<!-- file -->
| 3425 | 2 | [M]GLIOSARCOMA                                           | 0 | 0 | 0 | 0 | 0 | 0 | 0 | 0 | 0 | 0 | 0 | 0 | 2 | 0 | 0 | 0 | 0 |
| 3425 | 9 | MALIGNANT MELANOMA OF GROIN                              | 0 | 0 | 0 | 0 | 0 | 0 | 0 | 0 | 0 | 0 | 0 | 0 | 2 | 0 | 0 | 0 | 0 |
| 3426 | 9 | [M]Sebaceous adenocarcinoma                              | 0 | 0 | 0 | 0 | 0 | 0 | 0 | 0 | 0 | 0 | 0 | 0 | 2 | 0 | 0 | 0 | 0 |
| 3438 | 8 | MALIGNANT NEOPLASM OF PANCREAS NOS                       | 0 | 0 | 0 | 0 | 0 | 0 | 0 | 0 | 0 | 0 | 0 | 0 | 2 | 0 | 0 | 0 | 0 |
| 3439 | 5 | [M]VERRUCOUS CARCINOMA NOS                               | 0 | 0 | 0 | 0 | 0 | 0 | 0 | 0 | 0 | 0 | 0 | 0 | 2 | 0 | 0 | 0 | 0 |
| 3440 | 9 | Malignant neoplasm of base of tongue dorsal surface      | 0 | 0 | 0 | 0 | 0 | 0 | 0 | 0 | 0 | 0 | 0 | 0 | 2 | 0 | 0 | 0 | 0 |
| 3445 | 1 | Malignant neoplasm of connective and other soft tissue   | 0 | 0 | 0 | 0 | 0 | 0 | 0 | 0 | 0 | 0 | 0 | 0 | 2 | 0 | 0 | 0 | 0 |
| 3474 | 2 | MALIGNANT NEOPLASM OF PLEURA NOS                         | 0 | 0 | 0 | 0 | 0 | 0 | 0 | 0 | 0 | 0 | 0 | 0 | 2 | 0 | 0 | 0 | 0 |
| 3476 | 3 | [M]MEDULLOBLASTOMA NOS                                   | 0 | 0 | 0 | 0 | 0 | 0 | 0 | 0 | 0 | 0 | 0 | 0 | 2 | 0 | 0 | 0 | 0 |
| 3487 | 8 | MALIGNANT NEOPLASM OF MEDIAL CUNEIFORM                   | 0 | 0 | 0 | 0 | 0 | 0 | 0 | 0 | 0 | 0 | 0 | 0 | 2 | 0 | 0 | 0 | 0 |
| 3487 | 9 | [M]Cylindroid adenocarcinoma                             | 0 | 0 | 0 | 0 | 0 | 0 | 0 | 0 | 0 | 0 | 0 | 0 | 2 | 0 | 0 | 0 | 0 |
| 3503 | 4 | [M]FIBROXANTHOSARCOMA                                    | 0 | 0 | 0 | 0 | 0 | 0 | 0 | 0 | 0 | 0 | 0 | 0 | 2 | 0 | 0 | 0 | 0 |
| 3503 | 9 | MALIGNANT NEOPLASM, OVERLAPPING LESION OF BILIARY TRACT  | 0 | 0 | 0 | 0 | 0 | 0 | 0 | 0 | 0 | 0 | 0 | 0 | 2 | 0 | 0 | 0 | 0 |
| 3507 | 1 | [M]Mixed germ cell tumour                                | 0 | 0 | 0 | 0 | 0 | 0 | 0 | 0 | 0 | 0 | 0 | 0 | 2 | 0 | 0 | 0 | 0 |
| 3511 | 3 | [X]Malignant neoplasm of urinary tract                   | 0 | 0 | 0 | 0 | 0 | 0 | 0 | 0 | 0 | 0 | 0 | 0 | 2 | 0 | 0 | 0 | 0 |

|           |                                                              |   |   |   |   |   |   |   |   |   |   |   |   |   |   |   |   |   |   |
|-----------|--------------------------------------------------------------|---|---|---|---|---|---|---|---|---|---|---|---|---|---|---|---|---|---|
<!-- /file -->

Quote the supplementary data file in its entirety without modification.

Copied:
| 3425 | 2 | [M]GLIOSARCOMA                                           | 0 | 0 | 0 | 0 | 0 | 0 | 0 | 0 | 0 | 0 | 0 | 0 | 2 | 0 | 0 | 0 | 0 |
| 3425 | 9 | MALIGNANT MELANOMA OF GROIN                              | 0 | 0 | 0 | 0 | 0 | 0 | 0 | 0 | 0 | 0 | 0 | 0 | 2 | 0 | 0 | 0 | 0 |
| 3426 | 9 | [M]Sebaceous adenocarcinoma                              | 0 | 0 | 0 | 0 | 0 | 0 | 0 | 0 | 0 | 0 | 0 | 0 | 2 | 0 | 0 | 0 | 0 |
| 3438 | 8 | MALIGNANT NEOPLASM OF PANCREAS NOS                       | 0 | 0 | 0 | 0 | 0 | 0 | 0 | 0 | 0 | 0 | 0 | 0 | 2 | 0 | 0 | 0 | 0 |
| 3439 | 5 | [M]VERRUCOUS CARCINOMA NOS                               | 0 | 0 | 0 | 0 | 0 | 0 | 0 | 0 | 0 | 0 | 0 | 0 | 2 | 0 | 0 | 0 | 0 |
| 3440 | 9 | Malignant neoplasm of base of tongue dorsal surface      | 0 | 0 | 0 | 0 | 0 | 0 | 0 | 0 | 0 | 0 | 0 | 0 | 2 | 0 | 0 | 0 | 0 |
| 3445 | 1 | Malignant neoplasm of connective and other soft tissue   | 0 | 0 | 0 | 0 | 0 | 0 | 0 | 0 | 0 | 0 | 0 | 0 | 2 | 0 | 0 | 0 | 0 |
| 3474 | 2 | MALIGNANT NEOPLASM OF PLEURA NOS                         | 0 | 0 | 0 | 0 | 0 | 0 | 0 | 0 | 0 | 0 | 0 | 0 | 2 | 0 | 0 | 0 | 0 |
| 3476 | 3 | [M]MEDULLOBLASTOMA NOS                                   | 0 | 0 | 0 | 0 | 0 | 0 | 0 | 0 | 0 | 0 | 0 | 0 | 2 | 0 | 0 | 0 | 0 |
| 3487 | 8 | MALIGNANT NEOPLASM OF MEDIAL CUNEIFORM                   | 0 | 0 | 0 | 0 | 0 | 0 | 0 | 0 | 0 | 0 | 0 | 0 | 2 | 0 | 0 | 0 | 0 |
| 3487 | 9 | [M]Cylindroid adenocarcinoma                             | 0 | 0 | 0 | 0 | 0 | 0 | 0 | 0 | 0 | 0 | 0 | 0 | 2 | 0 | 0 | 0 | 0 |
| 3503 | 4 | [M]FIBROXANTHOSARCOMA                                    | 0 | 0 | 0 | 0 | 0 | 0 | 0 | 0 | 0 | 0 | 0 | 0 | 2 | 0 | 0 | 0 | 0 |
| 3503 | 9 | MALIGNANT NEOPLASM, OVERLAPPING LESION OF BILIARY TRACT  | 0 | 0 | 0 | 0 | 0 | 0 | 0 | 0 | 0 | 0 | 0 | 0 | 2 | 0 | 0 | 0 | 0 |
| 3507 | 1 | [M]Mixed germ cell tumour                                | 0 | 0 | 0 | 0 | 0 | 0 | 0 | 0 | 0 | 0 | 0 | 0 | 2 | 0 | 0 | 0 | 0 |
| 3511 | 3 | [X]Malignant neoplasm of urinary tract                   | 0 | 0 | 0 | 0 | 0 | 0 | 0 | 0 | 0 | 0 | 0 | 0 | 2 | 0 | 0 | 0 | 0 |

|           |                                                              |   |   |   |   |   |   |   |   |   |   |   |   |   |   |   |   |   |   |
|-----------|--------------------------------------------------------------|---|---|---|---|---|---|---|---|---|---|---|---|---|---|---|---|---|---|